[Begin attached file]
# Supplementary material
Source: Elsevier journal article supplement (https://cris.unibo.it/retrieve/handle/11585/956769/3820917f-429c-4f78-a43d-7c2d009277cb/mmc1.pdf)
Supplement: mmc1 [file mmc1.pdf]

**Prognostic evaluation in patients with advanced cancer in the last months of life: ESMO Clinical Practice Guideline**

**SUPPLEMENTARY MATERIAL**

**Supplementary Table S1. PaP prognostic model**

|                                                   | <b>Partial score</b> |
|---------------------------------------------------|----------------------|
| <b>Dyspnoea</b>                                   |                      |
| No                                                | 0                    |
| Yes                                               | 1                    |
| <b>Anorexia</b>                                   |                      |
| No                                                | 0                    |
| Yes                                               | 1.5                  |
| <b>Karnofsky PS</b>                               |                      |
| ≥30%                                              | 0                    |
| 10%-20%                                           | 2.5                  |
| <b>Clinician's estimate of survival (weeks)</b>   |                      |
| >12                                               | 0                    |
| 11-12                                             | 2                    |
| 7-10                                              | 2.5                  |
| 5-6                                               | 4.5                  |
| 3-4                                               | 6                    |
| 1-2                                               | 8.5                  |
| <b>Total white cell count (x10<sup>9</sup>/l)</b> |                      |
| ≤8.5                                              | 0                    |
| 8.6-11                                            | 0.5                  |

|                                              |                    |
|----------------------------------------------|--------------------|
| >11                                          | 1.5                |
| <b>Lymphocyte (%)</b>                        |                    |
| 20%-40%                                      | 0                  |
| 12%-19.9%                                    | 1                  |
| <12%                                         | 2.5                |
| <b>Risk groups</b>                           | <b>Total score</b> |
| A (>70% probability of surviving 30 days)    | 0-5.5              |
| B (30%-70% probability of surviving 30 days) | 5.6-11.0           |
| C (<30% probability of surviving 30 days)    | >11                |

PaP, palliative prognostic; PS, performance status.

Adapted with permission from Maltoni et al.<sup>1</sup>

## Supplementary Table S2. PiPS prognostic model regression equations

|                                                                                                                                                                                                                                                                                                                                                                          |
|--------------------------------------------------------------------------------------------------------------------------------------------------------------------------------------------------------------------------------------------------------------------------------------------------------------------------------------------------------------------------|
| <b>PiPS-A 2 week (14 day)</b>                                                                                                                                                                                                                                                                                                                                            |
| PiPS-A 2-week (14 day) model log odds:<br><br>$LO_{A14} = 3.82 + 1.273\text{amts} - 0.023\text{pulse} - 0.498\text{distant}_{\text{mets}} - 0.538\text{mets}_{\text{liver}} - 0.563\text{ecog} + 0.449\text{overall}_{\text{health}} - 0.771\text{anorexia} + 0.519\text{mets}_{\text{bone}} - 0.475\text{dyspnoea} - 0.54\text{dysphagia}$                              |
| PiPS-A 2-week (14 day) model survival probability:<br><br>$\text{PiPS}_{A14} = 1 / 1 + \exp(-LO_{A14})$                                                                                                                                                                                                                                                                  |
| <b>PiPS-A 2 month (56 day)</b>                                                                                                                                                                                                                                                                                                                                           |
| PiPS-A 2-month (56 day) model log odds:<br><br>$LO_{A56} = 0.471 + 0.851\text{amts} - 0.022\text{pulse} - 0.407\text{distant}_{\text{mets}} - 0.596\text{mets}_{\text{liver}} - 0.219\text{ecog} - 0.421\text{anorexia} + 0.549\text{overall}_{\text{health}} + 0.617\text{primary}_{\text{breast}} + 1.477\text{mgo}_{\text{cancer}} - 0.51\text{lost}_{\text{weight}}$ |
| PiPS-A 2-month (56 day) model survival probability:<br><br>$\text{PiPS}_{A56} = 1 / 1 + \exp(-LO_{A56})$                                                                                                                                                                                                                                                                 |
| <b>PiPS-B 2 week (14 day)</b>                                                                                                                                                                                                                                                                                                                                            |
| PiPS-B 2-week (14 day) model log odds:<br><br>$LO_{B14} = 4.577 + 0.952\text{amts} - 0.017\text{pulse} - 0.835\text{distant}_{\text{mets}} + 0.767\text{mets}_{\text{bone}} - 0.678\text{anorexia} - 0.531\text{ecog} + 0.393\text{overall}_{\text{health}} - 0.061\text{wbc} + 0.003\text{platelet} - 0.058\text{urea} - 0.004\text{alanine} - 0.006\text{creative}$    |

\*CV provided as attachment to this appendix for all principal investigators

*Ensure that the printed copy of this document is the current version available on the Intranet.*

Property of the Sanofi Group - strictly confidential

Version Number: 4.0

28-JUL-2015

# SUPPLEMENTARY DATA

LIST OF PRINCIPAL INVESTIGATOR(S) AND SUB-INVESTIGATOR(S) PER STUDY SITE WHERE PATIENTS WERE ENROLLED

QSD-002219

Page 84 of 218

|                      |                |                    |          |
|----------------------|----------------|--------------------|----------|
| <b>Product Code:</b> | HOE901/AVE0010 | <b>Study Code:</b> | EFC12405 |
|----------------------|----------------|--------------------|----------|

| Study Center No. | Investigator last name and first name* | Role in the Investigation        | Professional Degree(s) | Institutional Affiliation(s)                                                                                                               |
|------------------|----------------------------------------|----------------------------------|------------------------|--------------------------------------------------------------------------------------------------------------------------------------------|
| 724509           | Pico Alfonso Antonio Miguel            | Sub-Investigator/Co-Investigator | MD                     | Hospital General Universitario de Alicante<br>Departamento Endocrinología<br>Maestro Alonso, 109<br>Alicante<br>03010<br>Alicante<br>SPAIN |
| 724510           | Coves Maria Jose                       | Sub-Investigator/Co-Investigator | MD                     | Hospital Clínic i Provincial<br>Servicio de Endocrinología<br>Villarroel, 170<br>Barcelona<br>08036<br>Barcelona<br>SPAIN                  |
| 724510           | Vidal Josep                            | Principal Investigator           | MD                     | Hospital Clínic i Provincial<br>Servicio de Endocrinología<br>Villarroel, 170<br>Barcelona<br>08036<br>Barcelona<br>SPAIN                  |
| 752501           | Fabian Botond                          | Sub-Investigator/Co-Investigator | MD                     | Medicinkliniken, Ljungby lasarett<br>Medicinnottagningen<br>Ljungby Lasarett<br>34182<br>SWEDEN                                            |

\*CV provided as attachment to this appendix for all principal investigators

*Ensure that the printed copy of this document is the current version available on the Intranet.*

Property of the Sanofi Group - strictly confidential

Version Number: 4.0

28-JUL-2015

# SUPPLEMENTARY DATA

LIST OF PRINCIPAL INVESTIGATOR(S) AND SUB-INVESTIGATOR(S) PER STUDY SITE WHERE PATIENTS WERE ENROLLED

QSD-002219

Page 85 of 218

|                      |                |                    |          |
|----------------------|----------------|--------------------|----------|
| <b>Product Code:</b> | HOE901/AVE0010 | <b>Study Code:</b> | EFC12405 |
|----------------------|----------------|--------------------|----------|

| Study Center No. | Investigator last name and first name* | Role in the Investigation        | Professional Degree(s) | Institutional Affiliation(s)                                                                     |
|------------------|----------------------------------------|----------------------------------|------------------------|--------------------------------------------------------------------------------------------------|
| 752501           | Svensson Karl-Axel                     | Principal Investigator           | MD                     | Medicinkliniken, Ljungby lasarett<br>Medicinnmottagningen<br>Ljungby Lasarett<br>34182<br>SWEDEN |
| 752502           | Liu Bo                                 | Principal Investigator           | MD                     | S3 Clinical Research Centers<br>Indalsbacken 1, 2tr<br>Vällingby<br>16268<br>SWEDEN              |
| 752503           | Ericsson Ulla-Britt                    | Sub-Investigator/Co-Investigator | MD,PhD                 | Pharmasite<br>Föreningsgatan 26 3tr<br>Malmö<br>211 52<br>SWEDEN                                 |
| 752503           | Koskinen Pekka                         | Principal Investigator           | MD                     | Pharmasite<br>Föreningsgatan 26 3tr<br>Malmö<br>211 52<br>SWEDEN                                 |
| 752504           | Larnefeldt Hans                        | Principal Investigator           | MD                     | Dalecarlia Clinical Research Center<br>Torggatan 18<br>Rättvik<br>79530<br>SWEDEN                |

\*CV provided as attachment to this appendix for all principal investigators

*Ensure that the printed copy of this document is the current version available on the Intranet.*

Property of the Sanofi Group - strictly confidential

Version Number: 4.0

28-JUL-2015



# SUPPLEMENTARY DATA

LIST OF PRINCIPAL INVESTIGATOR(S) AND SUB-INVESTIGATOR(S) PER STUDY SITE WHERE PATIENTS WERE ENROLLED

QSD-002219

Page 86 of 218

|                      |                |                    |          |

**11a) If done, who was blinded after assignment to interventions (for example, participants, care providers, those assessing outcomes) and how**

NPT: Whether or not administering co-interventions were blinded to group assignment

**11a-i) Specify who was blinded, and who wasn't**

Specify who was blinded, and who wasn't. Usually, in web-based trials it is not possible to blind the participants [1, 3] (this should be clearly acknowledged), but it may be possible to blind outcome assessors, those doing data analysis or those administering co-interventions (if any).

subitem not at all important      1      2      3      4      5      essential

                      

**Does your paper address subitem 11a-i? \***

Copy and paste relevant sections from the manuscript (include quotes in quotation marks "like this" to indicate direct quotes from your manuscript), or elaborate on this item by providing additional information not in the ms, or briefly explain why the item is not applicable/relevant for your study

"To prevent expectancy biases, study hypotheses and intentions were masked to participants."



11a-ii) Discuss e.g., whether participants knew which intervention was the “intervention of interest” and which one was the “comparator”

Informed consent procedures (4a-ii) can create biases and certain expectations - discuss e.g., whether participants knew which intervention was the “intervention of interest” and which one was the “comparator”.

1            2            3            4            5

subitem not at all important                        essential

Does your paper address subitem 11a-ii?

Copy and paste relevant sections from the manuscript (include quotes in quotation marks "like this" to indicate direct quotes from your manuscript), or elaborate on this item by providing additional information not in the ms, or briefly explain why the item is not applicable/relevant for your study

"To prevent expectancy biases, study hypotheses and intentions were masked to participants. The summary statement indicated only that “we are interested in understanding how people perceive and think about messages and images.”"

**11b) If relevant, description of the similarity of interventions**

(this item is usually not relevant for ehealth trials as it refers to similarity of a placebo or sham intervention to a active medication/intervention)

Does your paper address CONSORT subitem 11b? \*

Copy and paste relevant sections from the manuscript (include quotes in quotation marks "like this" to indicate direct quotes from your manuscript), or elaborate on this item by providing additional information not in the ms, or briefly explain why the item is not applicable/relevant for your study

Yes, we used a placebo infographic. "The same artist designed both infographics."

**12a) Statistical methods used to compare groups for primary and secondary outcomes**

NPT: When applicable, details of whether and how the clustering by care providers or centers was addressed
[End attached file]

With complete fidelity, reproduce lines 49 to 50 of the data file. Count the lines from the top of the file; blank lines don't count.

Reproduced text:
| PiPS-A 2-month (56 day) model survival probability:<br><br>$\text{PiPS}_{A56} = 1 / 1 + \exp(-LO_{A56})$                                                                                                                                                                                                                                                                 |
| <b>PiPS-B 2 week (14 day)</b>                                                                                                                                                                                                                                                                                                                                            |